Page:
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Stop Trying to Control Your Teen

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Our children go through many stages while growing up, but as parents, there are three distinct roles that parents have during this time.

• From birth until about age 7 (when our kids go from learning to read, to reading to learn) our role is to be their “teacher”. We teach them to talk and walk, read and write, and we teach them how to live in our society.

• From then until they hit puberty, our role shifts to become their “manager”. We manage their schedule ~ appointments, activities, school work ~ we oversee their lives. For many parents, this is their favorite time. They get to be in charge and their kids still like them.

• When most kids hit puberty, they fire their manager and they become “unmanageable”. This is the time when our role as parent changes again. At this age, our children are ready to begin the arduous journey of learning to become adults. Our job is to help them learn how to do this. Now we get to become a resource for them. We get to be their “mentor” (read: “Learn how to become your teenagers ‘life coach’”).

Sounds simple right? Why doesn’t it happen that way? Why do teenager’s have a reputation for being so darn difficult? When you were a teen, did you have someone who mentored you into adulthood? For most of us, the answer to that is a resounding “NO”. Parents have a tendency to “parent the way we were parented” so how would we know that a shift in our role is even possible? Most of us do what our parents did ~ try harder to control our kids. But…the harder we try to control them, the more they resist…the more unmanageable they become. They become “difficult” to deal with and pretty soon, they have even stopped talking to us and roll their eyes, grunt, sigh, or show some other sign of disgust whenever we try to talk to them.

In the coming weeks we will explore some ways to begin to shift this relationship as you move into your changing role as your teenager’s mentor and life coach. In the meantime, here are some ideas (that will be expanded on in the next post) to consider:

Kids learn respect by being treated with respect. Treat them with the kind of respect that you want to be treated with. You set the standard (and the example) that you expect them to comply to.

Pay attention to the way you talk to/treat your kid. Ask yourself, “How would I feel if someone talked to/treated me this way?” If your answer is, “I wouldn’t like it,” chances are, your kid doesn’t like it either.

NEVER engage in a power struggle with your teenager (most parents don’t even win power struggles with their 2 year olds). We’ll talk about how to get out of power struggles next week.

Want more practical tips and techniques? My next workshop starts May 24, 2011. Get the details and register on my Upcoming Workshops page.

End the “Food Fight” with your kids (part one)

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We’re having WHAT for dinner?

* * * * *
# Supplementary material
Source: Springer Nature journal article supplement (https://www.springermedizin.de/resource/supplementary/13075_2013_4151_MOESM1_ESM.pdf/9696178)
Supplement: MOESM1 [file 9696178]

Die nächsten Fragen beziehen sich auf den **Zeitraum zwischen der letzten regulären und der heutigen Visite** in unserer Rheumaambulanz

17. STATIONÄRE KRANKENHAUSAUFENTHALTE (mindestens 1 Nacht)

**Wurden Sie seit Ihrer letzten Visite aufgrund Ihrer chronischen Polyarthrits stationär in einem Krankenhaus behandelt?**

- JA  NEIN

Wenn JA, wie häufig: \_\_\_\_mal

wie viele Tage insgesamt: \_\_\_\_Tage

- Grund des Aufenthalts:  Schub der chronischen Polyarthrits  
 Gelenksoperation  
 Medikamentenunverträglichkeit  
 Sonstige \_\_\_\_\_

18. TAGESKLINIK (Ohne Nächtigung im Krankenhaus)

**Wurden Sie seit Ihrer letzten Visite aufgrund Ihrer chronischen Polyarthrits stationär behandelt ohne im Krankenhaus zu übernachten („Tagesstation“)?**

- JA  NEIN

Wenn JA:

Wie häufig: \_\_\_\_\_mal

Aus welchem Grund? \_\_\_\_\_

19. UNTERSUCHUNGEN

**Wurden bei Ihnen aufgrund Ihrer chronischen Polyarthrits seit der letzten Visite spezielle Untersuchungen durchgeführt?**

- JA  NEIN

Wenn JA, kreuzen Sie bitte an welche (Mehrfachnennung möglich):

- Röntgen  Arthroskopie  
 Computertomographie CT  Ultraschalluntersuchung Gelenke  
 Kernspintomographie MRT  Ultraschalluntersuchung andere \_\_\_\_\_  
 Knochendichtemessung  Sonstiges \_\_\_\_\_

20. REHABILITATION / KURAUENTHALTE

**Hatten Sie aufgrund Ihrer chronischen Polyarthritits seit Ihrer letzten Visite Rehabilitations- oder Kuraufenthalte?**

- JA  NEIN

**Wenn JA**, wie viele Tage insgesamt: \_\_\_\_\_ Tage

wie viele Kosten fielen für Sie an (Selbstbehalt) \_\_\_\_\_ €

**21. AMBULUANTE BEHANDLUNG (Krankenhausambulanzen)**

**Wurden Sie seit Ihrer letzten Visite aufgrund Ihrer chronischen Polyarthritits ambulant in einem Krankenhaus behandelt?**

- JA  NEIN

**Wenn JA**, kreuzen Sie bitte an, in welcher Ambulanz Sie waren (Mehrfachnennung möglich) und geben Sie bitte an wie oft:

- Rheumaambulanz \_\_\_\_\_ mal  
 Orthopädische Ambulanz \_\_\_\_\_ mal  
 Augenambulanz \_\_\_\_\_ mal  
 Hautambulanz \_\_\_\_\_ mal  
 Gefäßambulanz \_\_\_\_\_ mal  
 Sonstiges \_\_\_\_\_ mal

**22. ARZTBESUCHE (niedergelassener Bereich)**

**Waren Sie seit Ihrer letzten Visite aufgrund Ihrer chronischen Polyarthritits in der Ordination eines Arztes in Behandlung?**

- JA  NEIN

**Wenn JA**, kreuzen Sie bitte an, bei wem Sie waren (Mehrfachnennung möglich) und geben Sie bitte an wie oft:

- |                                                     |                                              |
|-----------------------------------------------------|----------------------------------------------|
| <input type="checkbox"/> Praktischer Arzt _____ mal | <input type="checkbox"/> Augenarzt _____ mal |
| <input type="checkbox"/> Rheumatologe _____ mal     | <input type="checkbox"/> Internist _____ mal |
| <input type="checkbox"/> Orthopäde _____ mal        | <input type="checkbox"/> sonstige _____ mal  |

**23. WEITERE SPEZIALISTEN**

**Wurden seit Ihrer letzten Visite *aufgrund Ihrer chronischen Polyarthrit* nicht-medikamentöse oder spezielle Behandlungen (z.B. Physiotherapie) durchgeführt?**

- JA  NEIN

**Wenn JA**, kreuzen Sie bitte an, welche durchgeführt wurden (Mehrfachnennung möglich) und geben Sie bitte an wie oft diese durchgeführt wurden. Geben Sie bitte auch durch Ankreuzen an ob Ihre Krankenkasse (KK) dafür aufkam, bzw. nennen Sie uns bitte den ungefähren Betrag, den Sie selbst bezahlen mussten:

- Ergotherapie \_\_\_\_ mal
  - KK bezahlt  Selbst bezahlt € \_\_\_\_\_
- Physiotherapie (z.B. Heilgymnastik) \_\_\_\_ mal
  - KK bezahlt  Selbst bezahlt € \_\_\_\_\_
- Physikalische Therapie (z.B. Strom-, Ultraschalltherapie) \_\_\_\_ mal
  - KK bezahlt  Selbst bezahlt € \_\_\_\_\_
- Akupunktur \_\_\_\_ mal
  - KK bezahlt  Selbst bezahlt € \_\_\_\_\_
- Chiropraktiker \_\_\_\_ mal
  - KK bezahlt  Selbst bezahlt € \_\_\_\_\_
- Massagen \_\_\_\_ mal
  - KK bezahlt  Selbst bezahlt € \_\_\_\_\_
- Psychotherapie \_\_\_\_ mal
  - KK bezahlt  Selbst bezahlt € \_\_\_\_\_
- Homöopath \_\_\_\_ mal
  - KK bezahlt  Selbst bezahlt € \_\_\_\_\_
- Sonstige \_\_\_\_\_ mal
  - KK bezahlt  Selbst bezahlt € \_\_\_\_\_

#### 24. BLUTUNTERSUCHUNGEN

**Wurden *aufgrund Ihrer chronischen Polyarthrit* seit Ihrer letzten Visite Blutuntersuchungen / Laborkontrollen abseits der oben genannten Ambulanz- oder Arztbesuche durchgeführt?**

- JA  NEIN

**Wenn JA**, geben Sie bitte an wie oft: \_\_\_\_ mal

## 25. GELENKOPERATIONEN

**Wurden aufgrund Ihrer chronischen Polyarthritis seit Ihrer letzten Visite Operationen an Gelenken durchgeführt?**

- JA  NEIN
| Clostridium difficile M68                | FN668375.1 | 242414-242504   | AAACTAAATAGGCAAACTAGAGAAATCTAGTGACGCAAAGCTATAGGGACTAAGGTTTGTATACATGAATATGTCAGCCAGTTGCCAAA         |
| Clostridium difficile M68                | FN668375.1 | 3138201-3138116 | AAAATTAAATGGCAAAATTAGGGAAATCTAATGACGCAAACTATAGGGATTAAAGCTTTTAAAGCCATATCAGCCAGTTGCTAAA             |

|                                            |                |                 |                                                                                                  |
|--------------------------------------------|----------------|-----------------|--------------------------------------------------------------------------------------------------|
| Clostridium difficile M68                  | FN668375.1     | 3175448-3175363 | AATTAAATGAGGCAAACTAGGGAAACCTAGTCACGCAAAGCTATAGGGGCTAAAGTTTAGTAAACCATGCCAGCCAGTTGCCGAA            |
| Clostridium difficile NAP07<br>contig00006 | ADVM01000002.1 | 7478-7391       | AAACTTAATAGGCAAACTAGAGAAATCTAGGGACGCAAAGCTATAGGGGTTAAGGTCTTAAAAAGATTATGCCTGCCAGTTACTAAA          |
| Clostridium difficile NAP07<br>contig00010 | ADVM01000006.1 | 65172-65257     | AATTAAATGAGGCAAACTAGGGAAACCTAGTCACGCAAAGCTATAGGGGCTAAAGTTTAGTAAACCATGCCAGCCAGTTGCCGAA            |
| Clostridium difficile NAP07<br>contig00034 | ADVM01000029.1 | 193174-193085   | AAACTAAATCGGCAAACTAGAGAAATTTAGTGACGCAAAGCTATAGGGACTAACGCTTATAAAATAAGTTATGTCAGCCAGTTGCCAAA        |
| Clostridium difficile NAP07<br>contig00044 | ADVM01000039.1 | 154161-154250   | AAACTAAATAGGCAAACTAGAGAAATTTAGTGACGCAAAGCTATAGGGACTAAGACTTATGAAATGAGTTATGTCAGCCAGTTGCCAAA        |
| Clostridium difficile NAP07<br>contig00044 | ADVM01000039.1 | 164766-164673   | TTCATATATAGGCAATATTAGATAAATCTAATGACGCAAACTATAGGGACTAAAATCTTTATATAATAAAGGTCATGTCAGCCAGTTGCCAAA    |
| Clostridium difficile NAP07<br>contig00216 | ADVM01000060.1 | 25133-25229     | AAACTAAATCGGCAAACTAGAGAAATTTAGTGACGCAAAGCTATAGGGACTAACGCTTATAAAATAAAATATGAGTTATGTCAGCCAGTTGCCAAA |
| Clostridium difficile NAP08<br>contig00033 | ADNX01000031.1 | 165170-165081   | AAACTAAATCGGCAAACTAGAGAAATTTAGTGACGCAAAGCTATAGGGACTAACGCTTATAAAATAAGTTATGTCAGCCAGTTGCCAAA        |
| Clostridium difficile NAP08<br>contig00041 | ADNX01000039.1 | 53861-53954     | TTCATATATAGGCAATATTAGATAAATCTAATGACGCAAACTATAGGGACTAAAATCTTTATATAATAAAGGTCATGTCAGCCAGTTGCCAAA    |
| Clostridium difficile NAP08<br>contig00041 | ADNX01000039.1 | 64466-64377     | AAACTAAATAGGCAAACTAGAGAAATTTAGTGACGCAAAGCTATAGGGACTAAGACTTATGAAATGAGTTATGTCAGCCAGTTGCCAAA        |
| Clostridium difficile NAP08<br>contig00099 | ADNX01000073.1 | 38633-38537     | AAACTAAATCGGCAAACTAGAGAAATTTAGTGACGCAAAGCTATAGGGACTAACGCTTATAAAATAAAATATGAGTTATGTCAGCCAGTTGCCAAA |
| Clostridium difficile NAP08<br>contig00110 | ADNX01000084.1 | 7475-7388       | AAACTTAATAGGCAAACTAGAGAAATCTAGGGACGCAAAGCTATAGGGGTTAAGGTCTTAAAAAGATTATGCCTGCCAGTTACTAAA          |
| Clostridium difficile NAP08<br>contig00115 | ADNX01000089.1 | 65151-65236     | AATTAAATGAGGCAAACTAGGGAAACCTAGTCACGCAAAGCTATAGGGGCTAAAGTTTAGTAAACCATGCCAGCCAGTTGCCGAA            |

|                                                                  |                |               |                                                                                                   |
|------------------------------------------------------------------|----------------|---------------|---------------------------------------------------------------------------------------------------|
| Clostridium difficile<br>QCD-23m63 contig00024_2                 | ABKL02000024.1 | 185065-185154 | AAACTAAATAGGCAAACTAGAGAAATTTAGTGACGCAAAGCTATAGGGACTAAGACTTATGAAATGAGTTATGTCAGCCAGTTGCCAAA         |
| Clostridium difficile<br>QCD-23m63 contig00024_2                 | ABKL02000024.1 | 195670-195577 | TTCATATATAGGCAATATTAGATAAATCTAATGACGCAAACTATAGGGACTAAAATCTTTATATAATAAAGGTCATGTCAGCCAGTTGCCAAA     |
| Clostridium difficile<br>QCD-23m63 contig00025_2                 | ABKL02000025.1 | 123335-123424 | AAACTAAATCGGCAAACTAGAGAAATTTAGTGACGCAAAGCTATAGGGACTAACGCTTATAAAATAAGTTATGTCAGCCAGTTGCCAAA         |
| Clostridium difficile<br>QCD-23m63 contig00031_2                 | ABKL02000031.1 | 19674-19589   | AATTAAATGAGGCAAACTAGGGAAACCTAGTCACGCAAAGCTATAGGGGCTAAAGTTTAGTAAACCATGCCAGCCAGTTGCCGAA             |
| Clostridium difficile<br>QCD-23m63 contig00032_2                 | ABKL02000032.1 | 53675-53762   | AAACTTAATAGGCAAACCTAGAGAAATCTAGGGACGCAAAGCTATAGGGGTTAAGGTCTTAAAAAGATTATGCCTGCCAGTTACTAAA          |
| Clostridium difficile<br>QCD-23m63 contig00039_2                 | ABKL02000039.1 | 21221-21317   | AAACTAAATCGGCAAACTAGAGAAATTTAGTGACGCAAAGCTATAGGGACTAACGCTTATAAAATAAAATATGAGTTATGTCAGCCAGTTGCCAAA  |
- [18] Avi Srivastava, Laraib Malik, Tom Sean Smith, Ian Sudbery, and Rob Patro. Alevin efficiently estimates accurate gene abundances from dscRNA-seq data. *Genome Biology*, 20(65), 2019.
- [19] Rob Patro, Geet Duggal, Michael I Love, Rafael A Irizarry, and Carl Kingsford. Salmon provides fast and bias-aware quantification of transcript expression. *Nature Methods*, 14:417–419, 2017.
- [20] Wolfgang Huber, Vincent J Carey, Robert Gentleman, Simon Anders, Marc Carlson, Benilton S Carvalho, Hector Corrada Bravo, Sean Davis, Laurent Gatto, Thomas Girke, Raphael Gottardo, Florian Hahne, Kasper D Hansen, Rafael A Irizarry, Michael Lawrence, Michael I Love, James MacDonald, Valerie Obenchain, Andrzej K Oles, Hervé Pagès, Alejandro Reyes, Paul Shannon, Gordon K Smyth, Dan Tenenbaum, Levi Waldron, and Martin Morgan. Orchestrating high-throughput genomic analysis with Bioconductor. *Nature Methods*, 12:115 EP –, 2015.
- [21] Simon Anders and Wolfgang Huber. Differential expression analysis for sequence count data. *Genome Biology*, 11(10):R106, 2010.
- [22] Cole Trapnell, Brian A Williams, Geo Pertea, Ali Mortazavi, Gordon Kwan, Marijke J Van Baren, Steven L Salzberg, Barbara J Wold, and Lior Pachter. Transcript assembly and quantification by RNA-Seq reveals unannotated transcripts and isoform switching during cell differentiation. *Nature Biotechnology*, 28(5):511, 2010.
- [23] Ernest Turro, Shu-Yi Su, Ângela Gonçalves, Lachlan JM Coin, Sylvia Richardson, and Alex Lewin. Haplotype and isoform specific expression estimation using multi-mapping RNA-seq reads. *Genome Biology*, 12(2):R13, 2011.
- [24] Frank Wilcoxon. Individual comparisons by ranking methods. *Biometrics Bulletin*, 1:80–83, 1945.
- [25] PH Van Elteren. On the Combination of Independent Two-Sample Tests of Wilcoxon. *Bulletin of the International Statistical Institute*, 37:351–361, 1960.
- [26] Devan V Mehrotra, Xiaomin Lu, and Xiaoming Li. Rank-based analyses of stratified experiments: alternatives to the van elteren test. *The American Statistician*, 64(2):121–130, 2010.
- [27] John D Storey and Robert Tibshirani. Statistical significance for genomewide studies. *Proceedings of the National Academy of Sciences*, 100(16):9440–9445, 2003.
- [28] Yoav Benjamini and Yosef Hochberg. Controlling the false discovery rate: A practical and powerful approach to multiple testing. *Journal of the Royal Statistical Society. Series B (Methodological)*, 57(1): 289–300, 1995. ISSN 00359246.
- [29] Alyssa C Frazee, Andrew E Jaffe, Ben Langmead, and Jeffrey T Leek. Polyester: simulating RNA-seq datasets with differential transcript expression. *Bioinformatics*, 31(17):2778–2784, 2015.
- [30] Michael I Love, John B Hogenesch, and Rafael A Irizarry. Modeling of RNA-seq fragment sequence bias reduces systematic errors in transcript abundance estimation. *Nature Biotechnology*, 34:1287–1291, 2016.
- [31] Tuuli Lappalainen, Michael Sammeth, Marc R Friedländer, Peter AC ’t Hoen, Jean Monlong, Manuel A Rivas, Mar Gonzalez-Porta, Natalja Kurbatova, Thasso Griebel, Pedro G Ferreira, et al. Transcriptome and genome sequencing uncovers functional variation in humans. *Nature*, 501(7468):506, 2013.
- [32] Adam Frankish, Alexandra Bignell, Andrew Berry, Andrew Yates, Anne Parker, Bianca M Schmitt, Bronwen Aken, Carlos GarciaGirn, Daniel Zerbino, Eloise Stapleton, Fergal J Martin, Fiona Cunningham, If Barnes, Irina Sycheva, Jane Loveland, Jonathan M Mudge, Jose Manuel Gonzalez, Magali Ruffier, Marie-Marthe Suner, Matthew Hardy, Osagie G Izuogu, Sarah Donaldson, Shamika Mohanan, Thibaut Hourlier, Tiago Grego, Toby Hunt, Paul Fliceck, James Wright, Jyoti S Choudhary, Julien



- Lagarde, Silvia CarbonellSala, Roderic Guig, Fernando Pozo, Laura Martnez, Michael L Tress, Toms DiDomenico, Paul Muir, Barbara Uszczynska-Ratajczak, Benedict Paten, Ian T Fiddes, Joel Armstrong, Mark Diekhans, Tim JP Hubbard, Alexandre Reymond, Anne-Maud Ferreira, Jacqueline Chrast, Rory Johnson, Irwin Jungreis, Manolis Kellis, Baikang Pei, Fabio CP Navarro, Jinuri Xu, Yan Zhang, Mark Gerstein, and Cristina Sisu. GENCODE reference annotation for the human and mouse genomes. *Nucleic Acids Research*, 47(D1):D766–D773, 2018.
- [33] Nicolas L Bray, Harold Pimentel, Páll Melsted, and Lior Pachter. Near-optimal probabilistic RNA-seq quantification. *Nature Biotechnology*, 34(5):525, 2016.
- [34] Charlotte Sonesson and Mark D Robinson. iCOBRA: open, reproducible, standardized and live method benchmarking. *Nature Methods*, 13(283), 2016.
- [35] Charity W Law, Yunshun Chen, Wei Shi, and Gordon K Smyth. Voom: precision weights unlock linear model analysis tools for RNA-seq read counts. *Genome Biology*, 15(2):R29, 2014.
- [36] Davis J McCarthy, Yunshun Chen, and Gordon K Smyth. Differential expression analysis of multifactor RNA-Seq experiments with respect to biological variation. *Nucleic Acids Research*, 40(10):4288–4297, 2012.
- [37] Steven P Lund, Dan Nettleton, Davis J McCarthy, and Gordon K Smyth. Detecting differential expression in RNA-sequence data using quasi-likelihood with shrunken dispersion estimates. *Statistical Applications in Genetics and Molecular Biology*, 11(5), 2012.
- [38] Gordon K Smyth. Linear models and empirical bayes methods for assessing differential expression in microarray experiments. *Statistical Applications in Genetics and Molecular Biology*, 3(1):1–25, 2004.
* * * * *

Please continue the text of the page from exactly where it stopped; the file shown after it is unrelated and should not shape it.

I recently went to Portland to visit my son and his family. While we were talking, he shared with me the frustrations at dinnertime that he has with his 10-year-old stepson. My son is an excellent cook and an adventurous eater. His stepson, not so much…his tastes are a bit more limited, as with most kids his age. Dinner times are becoming…a “food fight”. A time of frustration, hurt feelings, and power struggles. It’s not easy to step into the role of a “step” parent…or to be the “step” kid. I asked my son for permission before sharing a few strategies.

  1. If you are dishing out the food, start with age appropriate portions, and the minimum of each food that you expect your child to eat before having seconds or dessert. Too much food on a child’s plate can be overwhelming to them. Also, in this day and age of “supersize” everything, it is important for them (and us too) to know what a “portion” size is. Here’s a good visual of portion sizes.
  2. Once the food is served, it is your child’s food. STAY OUT OF IT!  Do not beg, bargain (“Just eat 3 more bites of this…and you can have more of that…”) or try to control what or how much they eat. The way to stay out of this is: Have an understood rule that they can have more of what they want when they have eaten what is on their plate.
  3. Always talk about what they CAN have, not what they CAN’T have. “You can have more meatloaf when you have eaten what is on your plate.” vs “You can’t have more meatloaf until you eat your peas.” When you phrase it in the positive, it puts your child at choice and allows you to step out of the power struggle.
  4. Then…(and this is the hardest part) shut up and let them choose. Do NOT say, “You know the rule about having more.” If they choose not to finish what is on their plate, don’t get to have seconds, and would rather go hungry than eat their peas, don’t feel guilty. Respect their choice. They will not starve before the next meal. And never say, “I told you you’d be hungry later.” If they don’t already know this, it’s time they figured it out. Like I said….”The hardest part”…
  5. When they do eat their meal, don’t make a big deal out of that either. Children don’t need to be praised for eating. Focus on the quality of relationship that you now enjoy during the meal since you have stopped battling about food with your kids.
  6. When the meal is over, it’s over. Don’t hold the food for the next meal. Don’t talk about how “last night you chose not to eat…” Each meal starts fresh with new food, same rule.

Remember ~ Laughter aids digestion. Food is the way we nourish our bodies. Relationships are how we nourish our soul. Keep mealtime conversation and interactions as pleasant as possible. Enjoy the food. Focus on the relationship.

Want more practical tips and techniques? My next workshop starts May 24, 2011. Get the details and register on my Upcoming Workshops page.